Suma is a large ground vine native to Central and South America. Sometimes called "Brazilian ginseng," native peoples have long used suma to promote robust health as well as to treat practically all illnesses. They called it
Para Toda, which means "for all things."1
Suma's ancient reputation has generated worldwide interest. However, there has been little formal scientific investigation of the herb at this time.
According to most contemporary herbalists, suma is best understood as an adaptogen, a substance that supposedly helps one adapt to
and fight infection (see the article on
for a more in-depth discussion about adaptogens). Russian Olympic athletes have reportedly used suma (as well as other adaptogens) in the belief that it will enhance
sports performance. In the United States, suma is often recommended as a general strengthener of the body, as well as for the treatment of
chronic fatigue syndrome,
immune support. The herb also enjoys a considerable reputation as an aphrodisiac. However, there is is no reliable scientific evidence that suma offers any benefits for these conditions. Finally, one test tube study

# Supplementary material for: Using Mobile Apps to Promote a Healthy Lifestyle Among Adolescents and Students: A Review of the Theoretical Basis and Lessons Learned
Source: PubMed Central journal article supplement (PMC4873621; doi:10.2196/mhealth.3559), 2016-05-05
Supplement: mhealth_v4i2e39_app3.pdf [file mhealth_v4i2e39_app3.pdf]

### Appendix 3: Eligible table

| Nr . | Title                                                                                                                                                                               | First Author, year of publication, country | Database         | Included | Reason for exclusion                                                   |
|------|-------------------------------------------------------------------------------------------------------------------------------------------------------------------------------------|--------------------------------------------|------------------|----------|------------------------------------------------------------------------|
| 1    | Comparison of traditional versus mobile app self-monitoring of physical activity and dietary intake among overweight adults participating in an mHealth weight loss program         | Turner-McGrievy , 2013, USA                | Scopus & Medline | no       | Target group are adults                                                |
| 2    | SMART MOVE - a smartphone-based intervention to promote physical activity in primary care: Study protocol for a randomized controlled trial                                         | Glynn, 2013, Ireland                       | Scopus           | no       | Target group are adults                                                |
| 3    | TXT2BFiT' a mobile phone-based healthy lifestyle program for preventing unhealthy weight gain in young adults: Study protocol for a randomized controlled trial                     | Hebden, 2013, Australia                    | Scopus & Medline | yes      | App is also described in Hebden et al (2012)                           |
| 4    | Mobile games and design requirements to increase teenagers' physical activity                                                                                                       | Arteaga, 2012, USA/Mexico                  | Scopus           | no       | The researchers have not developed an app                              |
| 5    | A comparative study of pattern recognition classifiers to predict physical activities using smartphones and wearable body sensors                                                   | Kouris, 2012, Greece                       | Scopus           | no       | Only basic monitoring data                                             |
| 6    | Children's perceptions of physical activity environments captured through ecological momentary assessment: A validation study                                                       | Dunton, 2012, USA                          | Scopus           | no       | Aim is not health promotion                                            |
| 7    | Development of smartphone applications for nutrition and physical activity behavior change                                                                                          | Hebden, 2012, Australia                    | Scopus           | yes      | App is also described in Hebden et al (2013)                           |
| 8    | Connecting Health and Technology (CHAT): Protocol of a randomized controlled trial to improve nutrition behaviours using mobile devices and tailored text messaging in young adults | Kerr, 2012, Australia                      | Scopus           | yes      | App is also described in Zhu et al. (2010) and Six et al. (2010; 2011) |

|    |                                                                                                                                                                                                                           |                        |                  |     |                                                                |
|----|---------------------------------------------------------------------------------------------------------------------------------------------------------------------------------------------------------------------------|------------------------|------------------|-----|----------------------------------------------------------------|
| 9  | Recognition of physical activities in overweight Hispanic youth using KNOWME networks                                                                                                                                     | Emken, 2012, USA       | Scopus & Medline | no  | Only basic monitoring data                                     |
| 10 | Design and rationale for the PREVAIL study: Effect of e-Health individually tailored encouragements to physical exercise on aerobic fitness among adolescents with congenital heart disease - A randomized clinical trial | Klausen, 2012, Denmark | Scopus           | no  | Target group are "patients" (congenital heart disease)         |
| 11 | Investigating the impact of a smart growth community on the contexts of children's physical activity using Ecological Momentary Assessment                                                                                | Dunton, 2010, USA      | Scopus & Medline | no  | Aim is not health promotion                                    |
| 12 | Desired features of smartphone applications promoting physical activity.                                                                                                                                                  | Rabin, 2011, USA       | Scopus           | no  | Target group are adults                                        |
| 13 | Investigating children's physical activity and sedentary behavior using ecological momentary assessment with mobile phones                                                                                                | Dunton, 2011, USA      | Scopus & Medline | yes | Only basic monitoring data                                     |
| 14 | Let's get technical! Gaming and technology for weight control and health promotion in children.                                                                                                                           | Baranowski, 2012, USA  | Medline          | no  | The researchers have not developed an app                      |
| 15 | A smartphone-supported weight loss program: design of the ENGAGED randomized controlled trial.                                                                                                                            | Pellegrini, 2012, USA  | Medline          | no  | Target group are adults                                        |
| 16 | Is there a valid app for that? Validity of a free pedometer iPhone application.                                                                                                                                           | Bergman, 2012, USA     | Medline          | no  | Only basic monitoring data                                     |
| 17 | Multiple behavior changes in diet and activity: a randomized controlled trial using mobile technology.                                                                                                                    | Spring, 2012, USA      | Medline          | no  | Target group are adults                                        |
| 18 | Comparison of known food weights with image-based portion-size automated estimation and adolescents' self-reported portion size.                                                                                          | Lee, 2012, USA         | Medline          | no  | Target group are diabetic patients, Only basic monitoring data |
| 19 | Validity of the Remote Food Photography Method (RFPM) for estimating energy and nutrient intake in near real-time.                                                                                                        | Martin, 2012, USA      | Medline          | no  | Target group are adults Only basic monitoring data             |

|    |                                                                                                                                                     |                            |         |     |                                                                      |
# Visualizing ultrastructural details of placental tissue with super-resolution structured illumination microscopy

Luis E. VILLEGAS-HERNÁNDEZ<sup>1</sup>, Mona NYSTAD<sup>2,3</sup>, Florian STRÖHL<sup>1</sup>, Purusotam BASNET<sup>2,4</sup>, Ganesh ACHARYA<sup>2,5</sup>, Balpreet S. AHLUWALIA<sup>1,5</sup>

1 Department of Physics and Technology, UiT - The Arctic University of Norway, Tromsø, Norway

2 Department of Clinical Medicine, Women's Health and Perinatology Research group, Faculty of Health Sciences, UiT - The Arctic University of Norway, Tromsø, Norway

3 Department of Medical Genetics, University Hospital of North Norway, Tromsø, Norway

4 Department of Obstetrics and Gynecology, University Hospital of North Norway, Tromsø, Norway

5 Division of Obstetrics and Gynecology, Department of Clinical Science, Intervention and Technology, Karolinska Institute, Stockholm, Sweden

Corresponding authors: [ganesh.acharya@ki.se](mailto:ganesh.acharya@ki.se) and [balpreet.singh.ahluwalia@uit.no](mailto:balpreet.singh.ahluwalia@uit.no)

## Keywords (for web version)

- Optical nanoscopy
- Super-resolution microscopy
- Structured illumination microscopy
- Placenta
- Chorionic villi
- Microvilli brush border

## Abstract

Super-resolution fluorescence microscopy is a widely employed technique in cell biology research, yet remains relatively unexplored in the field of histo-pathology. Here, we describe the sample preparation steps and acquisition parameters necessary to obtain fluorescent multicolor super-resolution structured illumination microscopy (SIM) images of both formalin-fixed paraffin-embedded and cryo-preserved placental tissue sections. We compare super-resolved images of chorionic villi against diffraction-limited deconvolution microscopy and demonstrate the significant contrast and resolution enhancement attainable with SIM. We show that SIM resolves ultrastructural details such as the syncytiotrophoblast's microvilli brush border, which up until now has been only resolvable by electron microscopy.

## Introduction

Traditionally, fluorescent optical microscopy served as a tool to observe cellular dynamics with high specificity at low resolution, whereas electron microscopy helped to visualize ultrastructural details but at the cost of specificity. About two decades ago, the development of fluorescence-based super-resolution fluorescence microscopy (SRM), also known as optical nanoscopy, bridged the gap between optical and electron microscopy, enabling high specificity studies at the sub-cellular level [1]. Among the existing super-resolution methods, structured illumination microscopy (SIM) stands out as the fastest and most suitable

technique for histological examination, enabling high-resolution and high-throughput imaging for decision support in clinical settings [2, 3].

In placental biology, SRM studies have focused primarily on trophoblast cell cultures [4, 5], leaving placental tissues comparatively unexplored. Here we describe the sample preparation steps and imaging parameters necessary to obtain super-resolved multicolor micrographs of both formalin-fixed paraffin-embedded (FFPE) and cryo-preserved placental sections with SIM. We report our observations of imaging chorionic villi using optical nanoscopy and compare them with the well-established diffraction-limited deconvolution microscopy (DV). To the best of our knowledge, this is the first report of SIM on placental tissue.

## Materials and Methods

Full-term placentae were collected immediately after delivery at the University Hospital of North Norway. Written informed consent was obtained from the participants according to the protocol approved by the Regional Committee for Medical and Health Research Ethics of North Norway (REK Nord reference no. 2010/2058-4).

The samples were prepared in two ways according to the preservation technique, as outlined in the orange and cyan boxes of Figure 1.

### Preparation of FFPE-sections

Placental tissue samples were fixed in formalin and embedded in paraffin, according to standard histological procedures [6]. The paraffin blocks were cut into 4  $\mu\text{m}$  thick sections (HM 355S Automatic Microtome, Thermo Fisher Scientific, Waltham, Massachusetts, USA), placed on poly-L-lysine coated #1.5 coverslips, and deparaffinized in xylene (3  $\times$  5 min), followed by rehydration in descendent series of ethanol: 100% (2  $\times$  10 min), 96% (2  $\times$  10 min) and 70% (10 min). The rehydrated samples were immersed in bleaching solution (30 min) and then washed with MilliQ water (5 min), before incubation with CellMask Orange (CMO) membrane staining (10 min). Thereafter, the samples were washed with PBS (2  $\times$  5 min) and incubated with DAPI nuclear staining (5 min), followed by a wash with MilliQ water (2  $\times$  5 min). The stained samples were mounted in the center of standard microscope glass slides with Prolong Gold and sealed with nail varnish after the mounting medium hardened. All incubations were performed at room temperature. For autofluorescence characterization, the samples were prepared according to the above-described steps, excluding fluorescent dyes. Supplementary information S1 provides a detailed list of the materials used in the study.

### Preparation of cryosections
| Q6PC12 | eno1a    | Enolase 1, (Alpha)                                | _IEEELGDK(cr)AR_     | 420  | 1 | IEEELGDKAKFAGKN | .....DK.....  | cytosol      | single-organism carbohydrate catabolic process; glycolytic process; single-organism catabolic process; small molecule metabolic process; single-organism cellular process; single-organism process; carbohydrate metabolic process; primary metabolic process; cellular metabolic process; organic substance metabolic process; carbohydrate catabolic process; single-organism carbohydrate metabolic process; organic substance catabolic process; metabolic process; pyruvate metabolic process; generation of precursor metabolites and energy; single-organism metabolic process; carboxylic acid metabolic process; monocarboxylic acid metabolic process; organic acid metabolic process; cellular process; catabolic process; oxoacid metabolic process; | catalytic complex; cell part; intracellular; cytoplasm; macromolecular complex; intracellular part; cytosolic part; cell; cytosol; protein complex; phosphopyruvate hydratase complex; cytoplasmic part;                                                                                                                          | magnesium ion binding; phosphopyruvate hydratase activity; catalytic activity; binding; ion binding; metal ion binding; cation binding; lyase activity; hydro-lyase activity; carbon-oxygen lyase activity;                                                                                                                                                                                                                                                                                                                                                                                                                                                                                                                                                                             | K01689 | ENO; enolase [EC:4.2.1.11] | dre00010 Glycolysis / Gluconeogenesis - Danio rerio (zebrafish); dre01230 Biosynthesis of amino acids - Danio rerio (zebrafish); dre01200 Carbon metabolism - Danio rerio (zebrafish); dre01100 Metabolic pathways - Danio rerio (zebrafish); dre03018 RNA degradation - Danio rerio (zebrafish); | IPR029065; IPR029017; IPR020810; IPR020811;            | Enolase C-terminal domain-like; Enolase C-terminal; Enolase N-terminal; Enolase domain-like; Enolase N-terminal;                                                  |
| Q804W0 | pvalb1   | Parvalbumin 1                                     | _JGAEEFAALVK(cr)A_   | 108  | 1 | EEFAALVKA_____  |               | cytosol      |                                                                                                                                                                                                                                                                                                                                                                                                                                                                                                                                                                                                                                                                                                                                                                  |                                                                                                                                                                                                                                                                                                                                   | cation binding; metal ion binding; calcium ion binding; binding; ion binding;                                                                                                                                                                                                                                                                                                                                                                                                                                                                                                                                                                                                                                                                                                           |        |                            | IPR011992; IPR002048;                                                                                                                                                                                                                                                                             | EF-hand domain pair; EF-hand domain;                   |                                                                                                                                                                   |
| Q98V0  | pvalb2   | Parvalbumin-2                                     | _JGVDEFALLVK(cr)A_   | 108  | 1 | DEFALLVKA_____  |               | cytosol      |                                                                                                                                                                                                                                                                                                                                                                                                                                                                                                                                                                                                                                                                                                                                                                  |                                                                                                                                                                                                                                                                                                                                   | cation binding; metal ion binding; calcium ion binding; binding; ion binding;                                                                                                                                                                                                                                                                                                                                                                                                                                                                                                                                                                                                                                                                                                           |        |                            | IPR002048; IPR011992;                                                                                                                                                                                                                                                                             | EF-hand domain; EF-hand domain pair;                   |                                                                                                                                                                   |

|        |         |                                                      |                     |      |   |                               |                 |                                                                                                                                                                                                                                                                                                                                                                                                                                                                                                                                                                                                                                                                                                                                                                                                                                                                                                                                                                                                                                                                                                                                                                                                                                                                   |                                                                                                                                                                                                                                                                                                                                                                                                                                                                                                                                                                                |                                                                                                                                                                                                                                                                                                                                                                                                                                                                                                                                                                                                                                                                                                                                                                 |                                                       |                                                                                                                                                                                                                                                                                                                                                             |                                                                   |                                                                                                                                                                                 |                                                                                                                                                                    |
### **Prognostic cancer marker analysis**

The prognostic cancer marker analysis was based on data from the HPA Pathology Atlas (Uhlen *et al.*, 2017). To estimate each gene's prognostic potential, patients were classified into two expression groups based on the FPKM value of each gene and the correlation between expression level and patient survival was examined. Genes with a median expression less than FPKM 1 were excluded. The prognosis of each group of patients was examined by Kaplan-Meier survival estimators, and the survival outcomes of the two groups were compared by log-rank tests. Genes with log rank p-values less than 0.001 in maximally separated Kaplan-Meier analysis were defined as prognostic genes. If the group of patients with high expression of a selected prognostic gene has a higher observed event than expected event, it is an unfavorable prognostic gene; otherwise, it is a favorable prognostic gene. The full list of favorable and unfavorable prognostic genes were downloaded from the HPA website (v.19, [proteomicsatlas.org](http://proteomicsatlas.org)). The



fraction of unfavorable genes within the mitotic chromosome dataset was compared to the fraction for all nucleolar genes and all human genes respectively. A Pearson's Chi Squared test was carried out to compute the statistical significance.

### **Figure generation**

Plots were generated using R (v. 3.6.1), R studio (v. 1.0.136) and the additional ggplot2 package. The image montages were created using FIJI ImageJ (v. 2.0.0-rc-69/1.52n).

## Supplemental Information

suggests that suma might be helpful for
but but it is a long way from such preliminary investigations to evidence of efficacy.
A typical dosage of suma is 500 mg twice daily. It is usually taken for an extended period of time.
Suma has not been associated with any serious adverse reactions. However, comprehensive safety studies have not been undertaken. Safety in young children, pregnant or nursing women, or those with severe liver or kidney disease has not been established.
De Oliveira F.
(Martius) Kuntze-Brazilian ginseng.
Rev Bras Farmacog.
Ballas SK. Short Report: Hydration of sickle erythrocytes using a herbal extract (Pfaffia paniculata) in vitro.
Br J Haematol. 2000;111:359–362.
Last reviewed December 2015 by EBSCO CAM Review Board
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